Summary Of The Novel 'Childhood At Gateshead Hall'

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3.1. Childhood at Gateshead Hall
Jane gets to know that she does not fit into the beauty ideal already in her early childhood. Her physical inferiority to her cousins Eliza, John and Georgiana Reed is mentioned in the very first few page of the novel (Brontë 9). The Reeds keep her “at a distance” (9) and she does not belong to their family. Furthermore, Jane is fully aware of her inferiority and asks herself: “Why could I never please?” In the same passage she compares herself to Georgiana, whose faults are easily forgiven by others although she “had a spoiled temper, a very acrid spite, a captious and insolent carriage, was universally indulged.” (18) These bad characteristics seem to be excusable because of “her beauty, her pink cheeks and golden curls “, that “seemed to give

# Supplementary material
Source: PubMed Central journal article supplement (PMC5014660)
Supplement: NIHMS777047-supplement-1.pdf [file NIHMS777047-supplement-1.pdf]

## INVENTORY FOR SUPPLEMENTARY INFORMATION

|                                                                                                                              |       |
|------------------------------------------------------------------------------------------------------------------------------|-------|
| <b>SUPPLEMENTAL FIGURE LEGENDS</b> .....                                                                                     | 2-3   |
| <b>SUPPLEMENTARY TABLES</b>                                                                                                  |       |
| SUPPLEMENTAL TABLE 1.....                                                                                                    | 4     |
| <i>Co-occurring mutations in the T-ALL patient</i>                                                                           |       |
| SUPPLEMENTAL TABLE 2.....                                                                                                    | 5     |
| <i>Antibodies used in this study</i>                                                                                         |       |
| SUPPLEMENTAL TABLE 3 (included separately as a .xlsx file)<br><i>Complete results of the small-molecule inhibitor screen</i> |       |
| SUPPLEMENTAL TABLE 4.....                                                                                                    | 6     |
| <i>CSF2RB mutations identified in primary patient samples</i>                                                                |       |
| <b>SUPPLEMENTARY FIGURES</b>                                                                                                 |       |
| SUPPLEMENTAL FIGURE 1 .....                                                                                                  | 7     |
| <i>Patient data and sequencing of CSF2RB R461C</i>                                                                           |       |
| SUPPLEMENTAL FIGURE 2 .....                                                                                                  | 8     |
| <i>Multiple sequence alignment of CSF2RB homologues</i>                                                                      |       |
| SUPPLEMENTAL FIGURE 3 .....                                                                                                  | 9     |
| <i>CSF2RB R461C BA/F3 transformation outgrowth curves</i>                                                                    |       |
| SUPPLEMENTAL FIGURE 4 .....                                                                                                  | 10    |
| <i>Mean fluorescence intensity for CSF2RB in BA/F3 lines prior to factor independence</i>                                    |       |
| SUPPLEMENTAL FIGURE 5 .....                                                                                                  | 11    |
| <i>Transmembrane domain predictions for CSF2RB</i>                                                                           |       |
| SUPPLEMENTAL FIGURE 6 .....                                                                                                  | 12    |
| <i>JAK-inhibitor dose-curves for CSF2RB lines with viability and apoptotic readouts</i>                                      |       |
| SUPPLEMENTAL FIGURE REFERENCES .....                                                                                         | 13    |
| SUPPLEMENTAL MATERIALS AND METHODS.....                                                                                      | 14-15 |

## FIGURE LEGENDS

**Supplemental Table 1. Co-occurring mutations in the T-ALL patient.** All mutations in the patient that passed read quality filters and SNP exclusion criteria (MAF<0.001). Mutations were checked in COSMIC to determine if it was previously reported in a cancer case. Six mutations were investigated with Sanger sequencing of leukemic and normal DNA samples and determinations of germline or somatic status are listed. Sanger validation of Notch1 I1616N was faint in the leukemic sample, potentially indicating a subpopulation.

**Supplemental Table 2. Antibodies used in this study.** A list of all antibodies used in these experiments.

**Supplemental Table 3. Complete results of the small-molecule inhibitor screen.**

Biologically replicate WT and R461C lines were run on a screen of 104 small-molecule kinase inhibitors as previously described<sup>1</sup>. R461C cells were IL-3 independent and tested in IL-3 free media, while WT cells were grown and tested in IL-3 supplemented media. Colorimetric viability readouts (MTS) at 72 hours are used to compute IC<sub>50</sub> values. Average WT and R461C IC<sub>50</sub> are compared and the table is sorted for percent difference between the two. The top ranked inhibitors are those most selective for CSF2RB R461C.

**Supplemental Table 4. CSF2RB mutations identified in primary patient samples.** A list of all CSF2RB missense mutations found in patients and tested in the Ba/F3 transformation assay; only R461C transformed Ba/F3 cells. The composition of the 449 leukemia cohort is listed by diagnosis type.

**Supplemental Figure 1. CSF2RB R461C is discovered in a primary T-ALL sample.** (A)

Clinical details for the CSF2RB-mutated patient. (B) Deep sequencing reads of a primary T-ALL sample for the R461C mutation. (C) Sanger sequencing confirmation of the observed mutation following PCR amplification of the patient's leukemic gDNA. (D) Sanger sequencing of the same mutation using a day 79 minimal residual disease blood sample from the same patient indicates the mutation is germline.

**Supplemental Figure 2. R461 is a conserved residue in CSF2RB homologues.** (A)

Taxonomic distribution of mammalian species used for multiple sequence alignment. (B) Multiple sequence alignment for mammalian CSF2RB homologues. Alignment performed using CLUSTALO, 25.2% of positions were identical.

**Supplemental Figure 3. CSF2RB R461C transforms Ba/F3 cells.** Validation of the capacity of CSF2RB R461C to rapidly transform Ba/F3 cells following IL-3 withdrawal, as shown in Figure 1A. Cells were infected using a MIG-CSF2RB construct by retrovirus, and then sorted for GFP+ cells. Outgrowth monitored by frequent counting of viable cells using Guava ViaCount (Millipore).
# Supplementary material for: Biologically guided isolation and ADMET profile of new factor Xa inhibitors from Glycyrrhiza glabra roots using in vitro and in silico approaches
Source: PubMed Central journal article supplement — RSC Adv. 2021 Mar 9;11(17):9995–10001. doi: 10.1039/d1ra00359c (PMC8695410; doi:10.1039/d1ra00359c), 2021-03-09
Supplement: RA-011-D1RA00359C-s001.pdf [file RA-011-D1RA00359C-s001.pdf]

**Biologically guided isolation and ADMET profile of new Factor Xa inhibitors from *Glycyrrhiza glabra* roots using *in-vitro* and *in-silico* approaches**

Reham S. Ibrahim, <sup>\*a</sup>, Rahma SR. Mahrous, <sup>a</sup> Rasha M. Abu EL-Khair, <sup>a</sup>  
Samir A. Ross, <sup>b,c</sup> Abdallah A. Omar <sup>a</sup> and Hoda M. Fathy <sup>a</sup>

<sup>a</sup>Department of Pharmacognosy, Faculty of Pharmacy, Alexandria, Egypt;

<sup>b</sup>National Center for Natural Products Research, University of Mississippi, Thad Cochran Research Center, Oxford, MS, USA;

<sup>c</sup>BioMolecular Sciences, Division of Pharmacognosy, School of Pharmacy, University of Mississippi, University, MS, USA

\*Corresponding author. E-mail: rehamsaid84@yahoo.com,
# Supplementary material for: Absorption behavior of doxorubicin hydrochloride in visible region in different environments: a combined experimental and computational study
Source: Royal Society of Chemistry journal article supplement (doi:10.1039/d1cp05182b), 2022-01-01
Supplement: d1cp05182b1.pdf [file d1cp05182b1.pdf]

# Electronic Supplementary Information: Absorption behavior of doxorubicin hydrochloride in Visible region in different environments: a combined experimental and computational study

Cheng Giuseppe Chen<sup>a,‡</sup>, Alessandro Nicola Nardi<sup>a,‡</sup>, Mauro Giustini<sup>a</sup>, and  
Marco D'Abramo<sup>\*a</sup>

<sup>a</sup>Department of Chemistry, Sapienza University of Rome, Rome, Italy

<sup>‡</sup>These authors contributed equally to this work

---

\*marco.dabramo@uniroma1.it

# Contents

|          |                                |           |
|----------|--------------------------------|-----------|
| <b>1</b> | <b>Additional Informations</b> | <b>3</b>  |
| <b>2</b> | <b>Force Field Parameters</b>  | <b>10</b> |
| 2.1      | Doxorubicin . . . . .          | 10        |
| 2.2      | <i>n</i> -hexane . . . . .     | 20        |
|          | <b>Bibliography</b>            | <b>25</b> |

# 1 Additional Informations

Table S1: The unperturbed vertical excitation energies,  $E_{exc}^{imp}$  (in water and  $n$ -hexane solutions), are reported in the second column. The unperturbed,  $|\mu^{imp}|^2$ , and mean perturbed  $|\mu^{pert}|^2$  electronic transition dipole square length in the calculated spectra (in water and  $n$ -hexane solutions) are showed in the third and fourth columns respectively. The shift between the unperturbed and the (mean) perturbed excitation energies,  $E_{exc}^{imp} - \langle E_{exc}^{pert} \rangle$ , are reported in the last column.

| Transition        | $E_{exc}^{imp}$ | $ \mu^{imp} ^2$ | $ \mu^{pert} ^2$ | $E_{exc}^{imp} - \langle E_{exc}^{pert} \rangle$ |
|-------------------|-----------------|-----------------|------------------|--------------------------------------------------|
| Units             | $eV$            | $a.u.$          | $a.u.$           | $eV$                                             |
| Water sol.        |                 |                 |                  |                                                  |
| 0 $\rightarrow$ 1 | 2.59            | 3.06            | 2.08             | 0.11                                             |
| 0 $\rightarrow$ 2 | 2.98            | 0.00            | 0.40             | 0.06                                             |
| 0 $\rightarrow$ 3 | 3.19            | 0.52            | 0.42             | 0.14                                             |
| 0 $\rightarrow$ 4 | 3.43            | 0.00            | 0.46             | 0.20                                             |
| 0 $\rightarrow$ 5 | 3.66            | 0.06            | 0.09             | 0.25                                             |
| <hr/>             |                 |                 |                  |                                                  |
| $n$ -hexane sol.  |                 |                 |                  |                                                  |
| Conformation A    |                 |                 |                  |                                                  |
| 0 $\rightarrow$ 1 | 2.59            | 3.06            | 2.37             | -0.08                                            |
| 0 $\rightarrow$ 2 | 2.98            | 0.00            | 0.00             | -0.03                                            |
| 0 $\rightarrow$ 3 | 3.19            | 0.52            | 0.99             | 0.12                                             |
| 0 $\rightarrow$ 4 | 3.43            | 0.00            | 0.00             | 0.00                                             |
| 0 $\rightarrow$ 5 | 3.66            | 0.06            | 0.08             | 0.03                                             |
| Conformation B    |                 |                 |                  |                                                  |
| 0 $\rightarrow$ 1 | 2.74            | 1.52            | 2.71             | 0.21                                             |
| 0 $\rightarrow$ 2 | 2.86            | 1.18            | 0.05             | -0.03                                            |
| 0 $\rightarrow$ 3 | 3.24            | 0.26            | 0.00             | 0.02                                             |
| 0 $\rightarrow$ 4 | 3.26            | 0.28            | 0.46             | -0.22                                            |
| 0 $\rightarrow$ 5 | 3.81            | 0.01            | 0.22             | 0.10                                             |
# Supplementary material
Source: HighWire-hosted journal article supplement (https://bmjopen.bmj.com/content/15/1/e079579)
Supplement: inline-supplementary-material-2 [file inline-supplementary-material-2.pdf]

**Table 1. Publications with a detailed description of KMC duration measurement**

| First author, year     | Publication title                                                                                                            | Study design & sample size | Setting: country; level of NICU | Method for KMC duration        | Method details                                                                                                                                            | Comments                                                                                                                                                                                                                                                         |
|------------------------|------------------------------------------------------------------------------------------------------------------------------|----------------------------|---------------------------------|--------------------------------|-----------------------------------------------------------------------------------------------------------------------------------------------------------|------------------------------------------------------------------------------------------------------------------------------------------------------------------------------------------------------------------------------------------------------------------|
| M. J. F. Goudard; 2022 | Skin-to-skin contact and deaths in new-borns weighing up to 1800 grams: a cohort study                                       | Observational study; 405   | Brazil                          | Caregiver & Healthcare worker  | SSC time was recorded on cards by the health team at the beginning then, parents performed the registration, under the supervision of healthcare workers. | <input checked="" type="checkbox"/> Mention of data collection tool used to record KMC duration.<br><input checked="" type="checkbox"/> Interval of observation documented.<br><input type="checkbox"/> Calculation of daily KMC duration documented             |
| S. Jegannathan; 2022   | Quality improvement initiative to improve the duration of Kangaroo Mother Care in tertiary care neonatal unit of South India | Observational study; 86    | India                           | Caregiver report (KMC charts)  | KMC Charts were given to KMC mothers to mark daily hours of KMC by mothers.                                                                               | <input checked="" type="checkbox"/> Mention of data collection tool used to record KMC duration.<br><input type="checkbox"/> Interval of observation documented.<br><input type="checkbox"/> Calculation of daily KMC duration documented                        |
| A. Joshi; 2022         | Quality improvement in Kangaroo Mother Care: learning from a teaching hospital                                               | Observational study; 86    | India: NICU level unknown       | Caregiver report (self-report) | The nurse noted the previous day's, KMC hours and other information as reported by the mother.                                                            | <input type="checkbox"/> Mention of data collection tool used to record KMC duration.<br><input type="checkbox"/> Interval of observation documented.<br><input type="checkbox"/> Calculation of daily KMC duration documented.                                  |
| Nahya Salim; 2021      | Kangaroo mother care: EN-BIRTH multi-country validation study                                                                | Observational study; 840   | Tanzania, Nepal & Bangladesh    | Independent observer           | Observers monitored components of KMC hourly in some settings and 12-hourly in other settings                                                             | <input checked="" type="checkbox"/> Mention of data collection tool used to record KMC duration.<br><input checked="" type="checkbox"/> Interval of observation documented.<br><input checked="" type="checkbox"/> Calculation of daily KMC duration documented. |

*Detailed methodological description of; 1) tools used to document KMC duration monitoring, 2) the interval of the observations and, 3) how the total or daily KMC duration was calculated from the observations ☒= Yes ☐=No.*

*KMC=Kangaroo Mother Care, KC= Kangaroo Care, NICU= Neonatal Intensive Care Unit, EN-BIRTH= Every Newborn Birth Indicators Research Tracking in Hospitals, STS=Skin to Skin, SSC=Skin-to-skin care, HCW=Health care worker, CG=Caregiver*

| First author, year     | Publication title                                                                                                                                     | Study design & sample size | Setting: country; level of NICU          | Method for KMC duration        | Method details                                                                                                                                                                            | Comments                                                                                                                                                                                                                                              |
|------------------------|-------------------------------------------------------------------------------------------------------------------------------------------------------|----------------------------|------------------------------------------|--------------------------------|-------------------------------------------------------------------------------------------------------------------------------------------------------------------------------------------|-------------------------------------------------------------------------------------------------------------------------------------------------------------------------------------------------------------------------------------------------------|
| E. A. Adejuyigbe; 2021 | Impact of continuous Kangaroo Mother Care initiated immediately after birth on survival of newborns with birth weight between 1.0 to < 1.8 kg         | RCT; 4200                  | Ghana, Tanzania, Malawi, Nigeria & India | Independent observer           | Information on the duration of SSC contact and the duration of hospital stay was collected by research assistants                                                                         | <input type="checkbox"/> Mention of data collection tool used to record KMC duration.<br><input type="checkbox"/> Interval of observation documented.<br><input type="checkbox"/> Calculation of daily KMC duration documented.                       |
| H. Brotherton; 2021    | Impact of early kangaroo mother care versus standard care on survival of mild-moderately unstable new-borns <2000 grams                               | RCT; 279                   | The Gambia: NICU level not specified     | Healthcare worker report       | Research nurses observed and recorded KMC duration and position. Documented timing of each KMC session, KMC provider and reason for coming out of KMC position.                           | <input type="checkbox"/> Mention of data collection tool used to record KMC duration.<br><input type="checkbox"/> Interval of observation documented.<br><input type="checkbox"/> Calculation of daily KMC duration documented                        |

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Jane’s perception is emphasized by a conversation between Bessie and Abbott she randomly overhears, after she was locked into the red-room. They both share the opinion that if Jane were “a nice, pretty child, one might compassionate her” and that “a beauty like Miss Georgiana would be more moving in the same condition” (31). This statement clearly accentuates the utmost importance of outer appearances and most of all beauty at the time. It displays that compassion and affection were hard to receive when you were not pretty. The reader, on the other hand, probably pities Jane after her horrible experience in the red-room, therefore this emphasize on beauty has to be seen in a critical way. As Jen Cadwallader expresses in her Essay “Plain Jane and the Limits of Female Beauty”: “the homage paid to her appearance is a detriment to the development of her [Georgiana’s] character.” (Cadwallader 239). Thanks to her beauty, others seem to ignore or play down the mistakes Georgiana makes in her life, because of that she develops into “shallow” and “self-centred”
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